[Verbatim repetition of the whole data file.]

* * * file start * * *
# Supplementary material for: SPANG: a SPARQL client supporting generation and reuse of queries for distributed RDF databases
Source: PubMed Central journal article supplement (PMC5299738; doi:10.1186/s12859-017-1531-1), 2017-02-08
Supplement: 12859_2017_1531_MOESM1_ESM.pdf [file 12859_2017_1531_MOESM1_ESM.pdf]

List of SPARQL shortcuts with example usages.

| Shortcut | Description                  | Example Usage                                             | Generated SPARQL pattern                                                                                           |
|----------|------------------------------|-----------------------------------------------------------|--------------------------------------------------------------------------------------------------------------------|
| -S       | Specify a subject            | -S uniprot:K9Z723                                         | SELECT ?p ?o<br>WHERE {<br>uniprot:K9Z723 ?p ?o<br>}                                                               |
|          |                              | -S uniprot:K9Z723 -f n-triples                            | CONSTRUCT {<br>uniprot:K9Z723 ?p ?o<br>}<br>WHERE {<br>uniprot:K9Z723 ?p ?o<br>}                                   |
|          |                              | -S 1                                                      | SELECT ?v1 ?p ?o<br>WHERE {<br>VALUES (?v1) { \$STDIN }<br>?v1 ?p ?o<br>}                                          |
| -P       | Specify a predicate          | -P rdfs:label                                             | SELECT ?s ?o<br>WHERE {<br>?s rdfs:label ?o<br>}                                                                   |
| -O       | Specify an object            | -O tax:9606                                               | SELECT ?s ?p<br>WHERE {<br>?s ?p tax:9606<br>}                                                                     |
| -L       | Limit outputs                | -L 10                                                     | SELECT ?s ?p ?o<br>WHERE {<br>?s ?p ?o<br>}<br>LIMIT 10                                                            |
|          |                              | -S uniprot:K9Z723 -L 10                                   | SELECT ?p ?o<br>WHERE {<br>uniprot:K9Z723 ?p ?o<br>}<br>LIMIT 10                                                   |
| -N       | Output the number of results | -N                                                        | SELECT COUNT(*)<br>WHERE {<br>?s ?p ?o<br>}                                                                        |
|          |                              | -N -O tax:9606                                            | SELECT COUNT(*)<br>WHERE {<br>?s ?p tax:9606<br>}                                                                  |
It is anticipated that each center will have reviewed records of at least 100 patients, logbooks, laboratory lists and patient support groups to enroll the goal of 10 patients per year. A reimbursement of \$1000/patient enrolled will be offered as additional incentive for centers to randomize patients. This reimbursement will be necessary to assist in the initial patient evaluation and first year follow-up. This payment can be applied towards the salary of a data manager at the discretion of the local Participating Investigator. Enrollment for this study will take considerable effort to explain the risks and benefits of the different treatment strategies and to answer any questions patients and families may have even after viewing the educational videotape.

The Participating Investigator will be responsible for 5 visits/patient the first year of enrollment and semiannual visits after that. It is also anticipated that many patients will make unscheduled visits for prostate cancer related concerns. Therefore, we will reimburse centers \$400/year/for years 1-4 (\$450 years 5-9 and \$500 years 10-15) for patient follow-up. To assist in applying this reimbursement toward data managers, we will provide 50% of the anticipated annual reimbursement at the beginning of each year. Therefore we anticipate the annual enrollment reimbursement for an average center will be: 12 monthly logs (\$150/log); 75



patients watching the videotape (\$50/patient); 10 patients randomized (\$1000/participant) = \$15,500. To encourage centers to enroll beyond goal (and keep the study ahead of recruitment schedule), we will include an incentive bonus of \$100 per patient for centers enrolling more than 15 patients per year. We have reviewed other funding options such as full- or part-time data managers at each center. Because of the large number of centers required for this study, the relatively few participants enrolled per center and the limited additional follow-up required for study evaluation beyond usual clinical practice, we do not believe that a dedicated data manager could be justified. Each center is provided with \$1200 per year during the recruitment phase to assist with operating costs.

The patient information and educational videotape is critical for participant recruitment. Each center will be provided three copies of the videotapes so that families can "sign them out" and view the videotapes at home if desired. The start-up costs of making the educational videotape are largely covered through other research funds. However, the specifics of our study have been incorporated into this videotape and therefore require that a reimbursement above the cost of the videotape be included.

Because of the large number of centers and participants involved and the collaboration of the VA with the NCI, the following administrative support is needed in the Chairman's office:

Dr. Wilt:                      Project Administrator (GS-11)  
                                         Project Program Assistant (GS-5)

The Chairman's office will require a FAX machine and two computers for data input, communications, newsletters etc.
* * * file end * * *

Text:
# Supplementary material for: SPANG: a SPARQL client supporting generation and reuse of queries for distributed RDF databases
Source: PubMed Central journal article supplement (PMC5299738; doi:10.1186/s12859-017-1531-1), 2017-02-08
Supplement: 12859_2017_1531_MOESM1_ESM.pdf [file 12859_2017_1531_MOESM1_ESM.pdf]

List of SPARQL shortcuts with example usages.

| Shortcut | Description                  | Example Usage                                             | Generated SPARQL pattern                                                                                           |
|----------|------------------------------|-----------------------------------------------------------|--------------------------------------------------------------------------------------------------------------------|
| -S       | Specify a subject            | -S uniprot:K9Z723                                         | SELECT ?p ?o<br>WHERE {<br>uniprot:K9Z723 ?p ?o<br>}                                                               |
|          |                              | -S uniprot:K9Z723 -f n-triples                            | CONSTRUCT {<br>uniprot:K9Z723 ?p ?o<br>}<br>WHERE {<br>uniprot:K9Z723 ?p ?o<br>}                                   |
|          |                              | -S 1                                                      | SELECT ?v1 ?p ?o<br>WHERE {<br>VALUES (?v1) { \$STDIN }<br>?v1 ?p ?o<br>}                                          |
| -P       | Specify a predicate          | -P rdfs:label                                             | SELECT ?s ?o<br>WHERE {<br>?s rdfs:label ?o<br>}                                                                   |
| -O       | Specify an object            | -O tax:9606                                               | SELECT ?s ?p<br>WHERE {<br>?s ?p tax:9606<br>}                                                                     |
| -L       | Limit outputs                | -L 10                                                     | SELECT ?s ?p ?o<br>WHERE {<br>?s ?p ?o<br>}<br>LIMIT 10                                                            |
|          |                              | -S uniprot:K9Z723 -L 10                                   | SELECT ?p ?o<br>WHERE {<br>uniprot:K9Z723 ?p ?o<br>}<br>LIMIT 10                                                   |
| -N       | Output the number of results | -N                                                        | SELECT COUNT(*)<br>WHERE {<br>?s ?p ?o<br>}                                                                        |
|          |                              | -N -O tax:9606                                            | SELECT COUNT(*)<br>WHERE {<br>?s ?p tax:9606<br>}                                                                  |
It is anticipated that each center will have reviewed records of at least 100 patients, logbooks, laboratory lists and patient support groups to enroll the goal of 10 patients per year. A reimbursement of \$1000/patient enrolled will be offered as additional incentive for centers to randomize patients. This reimbursement will be necessary to assist in the initial patient evaluation and first year follow-up. This payment can be applied towards the salary of a data manager at the discretion of the local Participating Investigator. Enrollment for this study will take considerable effort to explain the risks and benefits of the different treatment strategies and to answer any questions patients and families may have even after viewing the educational videotape.

The Participating Investigator will be responsible for 5 visits/patient the first year of enrollment and semiannual visits after that. It is also anticipated that many patients will make unscheduled visits for prostate cancer related concerns. Therefore, we will reimburse centers \$400/year/for years 1-4 (\$450 years 5-9 and \$500 years 10-15) for patient follow-up. To assist in applying this reimbursement toward data managers, we will provide 50% of the anticipated annual reimbursement at the beginning of each year. Therefore we anticipate the annual enrollment reimbursement for an average center will be: 12 monthly logs (\$150/log); 75



patients watching the videotape (\$50/patient); 10 patients randomized (\$1000/participant) = \$15,500. To encourage centers to enroll beyond goal (and keep the study ahead of recruitment schedule), we will include an incentive bonus of \$100 per patient for centers enrolling more than 15 patients per year. We have reviewed other funding options such as full- or part-time data managers at each center. Because of the large number of centers required for this study, the relatively few participants enrolled per center and the limited additional follow-up required for study evaluation beyond usual clinical practice, we do not believe that a dedicated data manager could be justified. Each center is provided with \$1200 per year during the recruitment phase to assist with operating costs.

The patient information and educational videotape is critical for participant recruitment. Each center will be provided three copies of the videotapes so that families can "sign them out" and view the videotapes at home if desired. The start-up costs of making the educational videotape are largely covered through other research funds. However, the specifics of our study have been incorporated into this videotape and therefore require that a reimbursement above the cost of the videotape be included.

Because of the large number of centers and participants involved and the collaboration of the VA with the NCI, the following administrative support is needed in the Chairman's office:

Dr. Wilt:                      Project Administrator (GS-11)  
                                         Project Program Assistant (GS-5)

The Chairman's office will require a FAX machine and two computers for data input, communications, newsletters etc.